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Alzheimer’s disease is a neuropsychiatric disorder with devastating clinical and socioeconomic consequences. Since the original description of the neuropathological correlates of the disorder, neuritic plaques and neurofibrillary tangles have been presumed to be critical to the underlying pathophysiology of the illness. The authors review the clinical and neuropathological origins of Alzheimer’s disease and trace the evolution of modern biomarkers from their historical roots. They describe how technological innovations such as neuroimaging and biochemical assays have been used to measure and quantify key proteins and lipids in the brain, cerebrospinal fluid, and blood and advance their role as biomarkers of Alzheimer’s disease. Together with genomics, these approaches have led to the development of a thematic and focused science in the area of degenerative disorders. The authors conclude by drawing distinctions between legitimate biomarkers of disease and molecular targets for therapeutic intervention and discuss future approaches to this complex neurobehavioral illness.

In 2017, someone in the United States developed Alzheimer’s disease (AD) every 66 seconds ( 1). By 2050, someone will develop AD every 33 seconds ( 1). It is estimated that 5.5 million Americans have Alzheimer’s dementia. By midcentury, that number is projected to grow to 13.8 million individuals ( 1). In 2014, the direct cost of AD to payers in the United States was estimated to be $214 billion ( 2). Societal costs from AD will increase substantially as the global burden increases. In its most common clinical presentation, AD manifests as an amnestic syndrome in later life, with impairments in language, spatial and executive functions, and behavior emerging with disease progression.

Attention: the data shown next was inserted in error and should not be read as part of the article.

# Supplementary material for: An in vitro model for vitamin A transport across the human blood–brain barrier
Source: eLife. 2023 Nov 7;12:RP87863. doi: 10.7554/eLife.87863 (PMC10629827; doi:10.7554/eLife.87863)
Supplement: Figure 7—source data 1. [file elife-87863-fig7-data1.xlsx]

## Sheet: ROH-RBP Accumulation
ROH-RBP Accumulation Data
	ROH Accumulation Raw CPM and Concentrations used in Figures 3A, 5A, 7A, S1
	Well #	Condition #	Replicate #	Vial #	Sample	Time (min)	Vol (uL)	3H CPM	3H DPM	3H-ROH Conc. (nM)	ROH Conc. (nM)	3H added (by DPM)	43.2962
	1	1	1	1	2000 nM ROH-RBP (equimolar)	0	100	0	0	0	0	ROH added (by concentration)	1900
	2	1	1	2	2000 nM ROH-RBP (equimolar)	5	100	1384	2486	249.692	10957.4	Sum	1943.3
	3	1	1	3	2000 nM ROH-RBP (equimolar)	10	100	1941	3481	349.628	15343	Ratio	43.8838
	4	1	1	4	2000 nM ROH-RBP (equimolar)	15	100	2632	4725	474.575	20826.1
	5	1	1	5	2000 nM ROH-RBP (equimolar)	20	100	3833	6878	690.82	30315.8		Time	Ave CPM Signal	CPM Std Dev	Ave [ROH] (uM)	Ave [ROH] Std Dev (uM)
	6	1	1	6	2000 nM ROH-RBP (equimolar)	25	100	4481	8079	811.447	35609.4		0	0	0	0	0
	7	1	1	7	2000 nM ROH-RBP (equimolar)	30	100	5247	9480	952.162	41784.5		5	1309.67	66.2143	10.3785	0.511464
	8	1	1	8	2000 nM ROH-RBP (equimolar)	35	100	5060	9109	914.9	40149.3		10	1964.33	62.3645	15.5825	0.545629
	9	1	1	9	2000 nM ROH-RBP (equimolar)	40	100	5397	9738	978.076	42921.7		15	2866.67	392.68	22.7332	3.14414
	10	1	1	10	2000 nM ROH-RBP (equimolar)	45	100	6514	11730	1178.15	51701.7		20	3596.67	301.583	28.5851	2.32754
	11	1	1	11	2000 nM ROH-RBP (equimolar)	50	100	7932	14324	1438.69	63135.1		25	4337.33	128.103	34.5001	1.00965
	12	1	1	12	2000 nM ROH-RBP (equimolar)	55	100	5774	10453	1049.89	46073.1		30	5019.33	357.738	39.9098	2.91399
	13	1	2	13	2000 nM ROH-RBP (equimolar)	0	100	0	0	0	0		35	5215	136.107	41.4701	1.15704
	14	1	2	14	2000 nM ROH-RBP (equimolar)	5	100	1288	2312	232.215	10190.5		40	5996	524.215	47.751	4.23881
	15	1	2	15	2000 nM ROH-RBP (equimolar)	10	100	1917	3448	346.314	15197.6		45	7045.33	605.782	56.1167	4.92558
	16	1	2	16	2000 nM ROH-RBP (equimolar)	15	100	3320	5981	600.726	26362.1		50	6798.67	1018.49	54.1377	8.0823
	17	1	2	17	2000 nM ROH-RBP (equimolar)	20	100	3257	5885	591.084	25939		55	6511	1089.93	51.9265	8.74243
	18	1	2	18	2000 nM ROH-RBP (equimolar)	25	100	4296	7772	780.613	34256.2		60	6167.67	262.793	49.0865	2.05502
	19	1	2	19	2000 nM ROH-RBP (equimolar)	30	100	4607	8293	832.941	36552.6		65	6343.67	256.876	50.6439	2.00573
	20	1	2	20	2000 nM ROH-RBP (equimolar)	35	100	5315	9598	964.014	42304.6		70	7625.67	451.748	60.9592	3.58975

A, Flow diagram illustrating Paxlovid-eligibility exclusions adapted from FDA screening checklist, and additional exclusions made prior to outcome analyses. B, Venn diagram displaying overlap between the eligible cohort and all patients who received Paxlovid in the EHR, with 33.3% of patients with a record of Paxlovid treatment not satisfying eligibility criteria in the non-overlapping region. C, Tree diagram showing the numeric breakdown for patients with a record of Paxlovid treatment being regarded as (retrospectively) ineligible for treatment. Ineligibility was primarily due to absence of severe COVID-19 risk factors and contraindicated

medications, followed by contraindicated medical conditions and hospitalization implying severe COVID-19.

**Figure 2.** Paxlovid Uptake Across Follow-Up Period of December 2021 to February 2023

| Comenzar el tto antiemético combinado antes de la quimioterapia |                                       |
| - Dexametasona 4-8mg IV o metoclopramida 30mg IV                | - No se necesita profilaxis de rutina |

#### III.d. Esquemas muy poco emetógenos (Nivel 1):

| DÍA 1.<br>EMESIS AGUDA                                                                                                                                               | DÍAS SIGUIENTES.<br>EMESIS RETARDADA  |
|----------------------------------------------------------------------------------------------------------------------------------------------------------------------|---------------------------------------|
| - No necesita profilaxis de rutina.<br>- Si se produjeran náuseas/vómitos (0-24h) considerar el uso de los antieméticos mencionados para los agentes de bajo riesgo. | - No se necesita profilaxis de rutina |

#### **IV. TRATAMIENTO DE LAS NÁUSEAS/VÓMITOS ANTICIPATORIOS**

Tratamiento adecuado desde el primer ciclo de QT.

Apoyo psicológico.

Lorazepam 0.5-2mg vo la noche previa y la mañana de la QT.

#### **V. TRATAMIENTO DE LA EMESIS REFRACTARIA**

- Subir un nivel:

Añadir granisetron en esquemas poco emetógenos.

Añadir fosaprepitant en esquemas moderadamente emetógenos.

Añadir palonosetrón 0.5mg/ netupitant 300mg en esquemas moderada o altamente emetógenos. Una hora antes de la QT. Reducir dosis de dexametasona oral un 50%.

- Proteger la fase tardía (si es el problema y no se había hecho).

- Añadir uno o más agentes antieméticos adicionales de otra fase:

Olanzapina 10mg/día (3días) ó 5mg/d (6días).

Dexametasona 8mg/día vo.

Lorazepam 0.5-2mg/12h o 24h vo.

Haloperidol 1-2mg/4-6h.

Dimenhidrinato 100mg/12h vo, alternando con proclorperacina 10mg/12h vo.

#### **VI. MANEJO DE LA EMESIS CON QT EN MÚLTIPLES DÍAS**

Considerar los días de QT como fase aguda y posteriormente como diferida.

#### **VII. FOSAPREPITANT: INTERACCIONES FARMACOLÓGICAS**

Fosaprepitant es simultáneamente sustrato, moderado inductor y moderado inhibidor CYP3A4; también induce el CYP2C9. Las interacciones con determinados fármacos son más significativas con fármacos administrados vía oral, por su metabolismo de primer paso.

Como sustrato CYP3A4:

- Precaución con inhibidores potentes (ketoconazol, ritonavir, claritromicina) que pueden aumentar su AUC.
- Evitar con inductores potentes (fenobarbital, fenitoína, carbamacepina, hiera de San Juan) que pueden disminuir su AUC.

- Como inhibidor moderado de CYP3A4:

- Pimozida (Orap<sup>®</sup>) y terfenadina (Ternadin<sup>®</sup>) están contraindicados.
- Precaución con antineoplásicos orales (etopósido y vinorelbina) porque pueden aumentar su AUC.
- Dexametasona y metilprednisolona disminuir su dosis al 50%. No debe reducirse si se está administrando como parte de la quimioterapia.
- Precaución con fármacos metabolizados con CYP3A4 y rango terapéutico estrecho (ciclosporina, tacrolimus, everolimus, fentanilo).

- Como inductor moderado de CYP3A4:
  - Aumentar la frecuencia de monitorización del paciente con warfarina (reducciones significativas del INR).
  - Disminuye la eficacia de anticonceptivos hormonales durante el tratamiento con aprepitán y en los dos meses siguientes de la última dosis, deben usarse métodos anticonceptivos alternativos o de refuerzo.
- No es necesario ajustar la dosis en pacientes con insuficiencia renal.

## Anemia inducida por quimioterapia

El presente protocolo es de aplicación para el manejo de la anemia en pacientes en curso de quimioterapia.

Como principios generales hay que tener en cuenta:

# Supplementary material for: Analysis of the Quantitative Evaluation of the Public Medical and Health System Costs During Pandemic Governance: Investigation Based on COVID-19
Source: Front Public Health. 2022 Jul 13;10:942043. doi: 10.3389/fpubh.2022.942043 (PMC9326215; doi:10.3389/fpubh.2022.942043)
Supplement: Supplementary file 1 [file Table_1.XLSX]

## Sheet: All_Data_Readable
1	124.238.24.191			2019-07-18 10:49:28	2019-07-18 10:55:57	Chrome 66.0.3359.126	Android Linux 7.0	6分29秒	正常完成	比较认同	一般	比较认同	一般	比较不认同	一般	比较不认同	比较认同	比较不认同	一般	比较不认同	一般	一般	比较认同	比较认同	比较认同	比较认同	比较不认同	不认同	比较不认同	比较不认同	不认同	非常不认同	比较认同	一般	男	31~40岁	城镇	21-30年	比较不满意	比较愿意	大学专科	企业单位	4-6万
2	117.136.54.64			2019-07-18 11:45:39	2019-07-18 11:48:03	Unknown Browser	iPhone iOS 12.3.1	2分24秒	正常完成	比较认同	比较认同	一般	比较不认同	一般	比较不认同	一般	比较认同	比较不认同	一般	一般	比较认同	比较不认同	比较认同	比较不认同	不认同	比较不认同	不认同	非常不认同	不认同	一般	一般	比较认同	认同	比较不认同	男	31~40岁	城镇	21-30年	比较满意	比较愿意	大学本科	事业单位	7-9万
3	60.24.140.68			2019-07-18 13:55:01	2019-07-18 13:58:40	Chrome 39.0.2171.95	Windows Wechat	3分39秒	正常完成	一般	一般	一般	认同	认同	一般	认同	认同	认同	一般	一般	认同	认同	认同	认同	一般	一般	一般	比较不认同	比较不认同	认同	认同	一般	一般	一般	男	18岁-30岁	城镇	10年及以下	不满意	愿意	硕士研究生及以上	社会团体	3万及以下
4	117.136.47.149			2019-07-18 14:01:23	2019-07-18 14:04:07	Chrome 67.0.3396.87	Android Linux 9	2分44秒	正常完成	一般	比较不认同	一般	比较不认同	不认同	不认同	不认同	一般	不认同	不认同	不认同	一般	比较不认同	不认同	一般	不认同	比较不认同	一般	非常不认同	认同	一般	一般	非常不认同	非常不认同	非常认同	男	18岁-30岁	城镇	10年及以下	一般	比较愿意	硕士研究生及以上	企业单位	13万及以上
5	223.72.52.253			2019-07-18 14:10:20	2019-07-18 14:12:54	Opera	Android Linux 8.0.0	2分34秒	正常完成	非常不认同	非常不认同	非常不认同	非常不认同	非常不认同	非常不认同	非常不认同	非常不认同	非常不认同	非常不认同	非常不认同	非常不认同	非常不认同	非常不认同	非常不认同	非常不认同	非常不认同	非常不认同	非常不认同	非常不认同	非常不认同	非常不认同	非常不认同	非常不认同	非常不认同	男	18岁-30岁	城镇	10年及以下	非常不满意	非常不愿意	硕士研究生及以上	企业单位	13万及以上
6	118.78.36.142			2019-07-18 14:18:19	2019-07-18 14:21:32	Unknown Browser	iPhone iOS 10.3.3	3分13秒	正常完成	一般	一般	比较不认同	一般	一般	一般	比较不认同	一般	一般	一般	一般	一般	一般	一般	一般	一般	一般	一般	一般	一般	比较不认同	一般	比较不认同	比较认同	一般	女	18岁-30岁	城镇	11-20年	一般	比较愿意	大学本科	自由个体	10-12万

Research over the past few decades ( Box 1) has yielded important insights into the neurobiology of AD ( 2, 3). These include the identification of specific mutations associated with early-onset familial forms of the disease and a better understanding of the molecular and clinical risk factors for the far more common late-onset form, typically defined as onset of the illness after age 65 ( 2, 3). Nonetheless, one of the most distinguishing features of AD is the presence of distinct neuropathological correlates. These make it relatively unique in the realm of neuropsychiatric and behavioral disorders and form the basis of valid biomarkers that may be useful in the screening and early diagnosis of the disorder ( 4).